To help shorten their journey, Hillel sat in the rear of the wagon, playing his accordion and singing. Hadn’t musicians accompanied the Jews when Ezra led them back to the Holy Land to build the Second Temple? And didn’t the Psalm promise, “When the Lord will return the exiles to Zion, our mouths will be filled with glad song?” Hillel had a merry, soothing voice, and the children loved to listen. You might have thought he was a minstrel trying to win Bat Sheva’s heart, the way he kept smiling at her, hoping for a look of approval. But his intentions were the furthest thing from her mind, possessed as it was with thoughts of Ben Zion and the approaching moment when she would see him again.
Tevye’s spirits remained boisterous, not only with the prospect of soon seeing Hodel, but with the wise transaction he had made for the horse. Like a learned and experienced veterinarian, he had given the animal a careful examination, checking its teeth for decay, its legs for spastic twitches, and its feces for worms. The Jew who had sold it to Tevye was a carpenter. Unable to make a decent living, he was leaving the country to seek better luck in America. He said he was disillusioned with the Jewish Colony Association and with the Baron’s dictatorial clerks. They were the reason he had moved to Jerusalem. In the city, he couldn’t compete with the cheap Arab labor, so, to feed his family, he was forced to move on. Instead of fixing tables and chairs in Palestine, he would build mansions for the Jews in America. Tevye didn’t try to dissuade him. At the price he was asking, the horse was a steal. And, thank God, the beast passed the test in the field. It pulled the wagon with ease and didn’t seem to tire in the unrelenting sun. And to Tevye’s great pleasure, the animal responded to its new master’s cues as if they had been partners for years.
To entertain the children when Hillel wasn’t singing, Tevye pointed out the sites of famous Biblical battles and stories, as if he really knew the locations where they had occurred. On the hill over there, King Saul was born, he declared with great authority. And over there, by the very same olive tree, the prophet Samuel would receive pilgrims seeking the word of the Lord. Here, of course, in Gilgal, Joshua had commanded the sun to stand still. And here, on what was definitely Mount Tabor, the valiant Deborah had led an inspired Israeli army on a rout of Sisera’s forces. Shmuelik knew the Biblical stories with a great deal more textual accuracy, but since he wasn’t familiar with the geography of the Holy Land, he abstained from correcting Tevye and embarrassing him in front of his family.
Reaching the city of Shechem, which Jacob had captured with his bow and his sword, the travelers stopped to pray at the tomb of the saintly Joseph. Then, journeying over the mountains, they reached the Jordan Valley, north of the desert plains north of Jericho, where the Children of Israel had come into the Land of Israel after their forty years of wilderness wandering. The road wasn’t so much of a road as a trail of old wagon tracks. Sand-covered mountains rose up around them. Goliath suggested they rest during the fierce noon hours, but there was hardly a shade tree that could provide them with shelter all along the desolate way. To the east, an oasis of green date palms, cypress trees, and willows lined the serpentine path of the Jordan River, but the steep sand dunes and treacherous chasms in the valley prevented the wagon from reaching its banks.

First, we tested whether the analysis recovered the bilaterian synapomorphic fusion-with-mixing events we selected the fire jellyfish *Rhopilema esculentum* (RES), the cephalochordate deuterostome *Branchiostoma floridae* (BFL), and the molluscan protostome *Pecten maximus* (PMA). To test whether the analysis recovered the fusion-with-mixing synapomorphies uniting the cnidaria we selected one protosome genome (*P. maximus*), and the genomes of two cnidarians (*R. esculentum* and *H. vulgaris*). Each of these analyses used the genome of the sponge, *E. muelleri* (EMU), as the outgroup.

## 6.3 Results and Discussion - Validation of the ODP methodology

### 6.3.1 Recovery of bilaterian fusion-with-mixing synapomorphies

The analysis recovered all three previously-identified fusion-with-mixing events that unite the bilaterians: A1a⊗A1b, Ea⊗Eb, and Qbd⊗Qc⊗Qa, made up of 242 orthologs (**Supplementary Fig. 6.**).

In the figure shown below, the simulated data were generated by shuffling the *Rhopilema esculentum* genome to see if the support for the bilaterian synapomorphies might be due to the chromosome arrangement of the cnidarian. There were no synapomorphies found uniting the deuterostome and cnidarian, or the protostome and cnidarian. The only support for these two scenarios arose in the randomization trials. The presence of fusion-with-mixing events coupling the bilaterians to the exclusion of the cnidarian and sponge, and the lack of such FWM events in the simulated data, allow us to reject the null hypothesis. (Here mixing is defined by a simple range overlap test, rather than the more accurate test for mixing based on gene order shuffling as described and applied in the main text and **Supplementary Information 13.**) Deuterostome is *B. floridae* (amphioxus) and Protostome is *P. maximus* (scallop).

To help pass the time, Shmuelik opened the Book of Books and read aloud, as if he were teaching children in heder.
The words of the Torah and the stark ancient landscape had a magical, inspiring effect. Tevye had traveled through many of the forests and mountains of Russia, but he had never experienced anything spiritual in the air. But here, in the Holy Land, everything was steeped with Biblical wonder. Tevye didn’t even complain about sleeping outdoors on a burlap sack which he spread out over the rocky, back-breaking earth. Had Jacob complained when he had slept on a pillow of rocks and dreamed of angels ascending and descending a ladder which reached up to Heaven? Imagine what would Moses have given to be in Tevye’s place! Moses, the faithful shepherd of the Children of Israel, who devoted his whole life to leading the Jews, had only one wish for himself – to enter the Promised Land, a blessing that was ultimately denied him. Lying on his back, staring up at the twinkling heavens, Tevye understood why Moses was so heartbroken after his entreaties failed. Even a simple milkman could feel the spirit of God in the Land. A canopy of constellations glimmered like gold dust in every corner of the sky, a witness to the promise which God had made to Abraham to make his offspring as illustrious as the stars in the heavens.
About the Author: Tzvi Fishman was awarded the Israel Ministry of Education Prize for Creativity and Jewish Culture for his novel "Tevye in the Promised Land." For the past several years, he has written a popular and controversial blog at Arutz 7. A wide selection of his books are available at Amazon. The views expressed in this blog are solely those of the author and do not represent the views of The Jewish Press
If you don't see your comment after publishing it, refresh the page.
Our comments section is intended for meaningful responses and debates in a civilized manner. We ask that you respect the fact that we are a religious Jewish website and avoid inappropriate language at all cost.
If you promote any foreign religions, gods or messiahs, lies about Israel, anti-Semitism, or advocate violence (except against terrorists), your permission to comment may be revoked.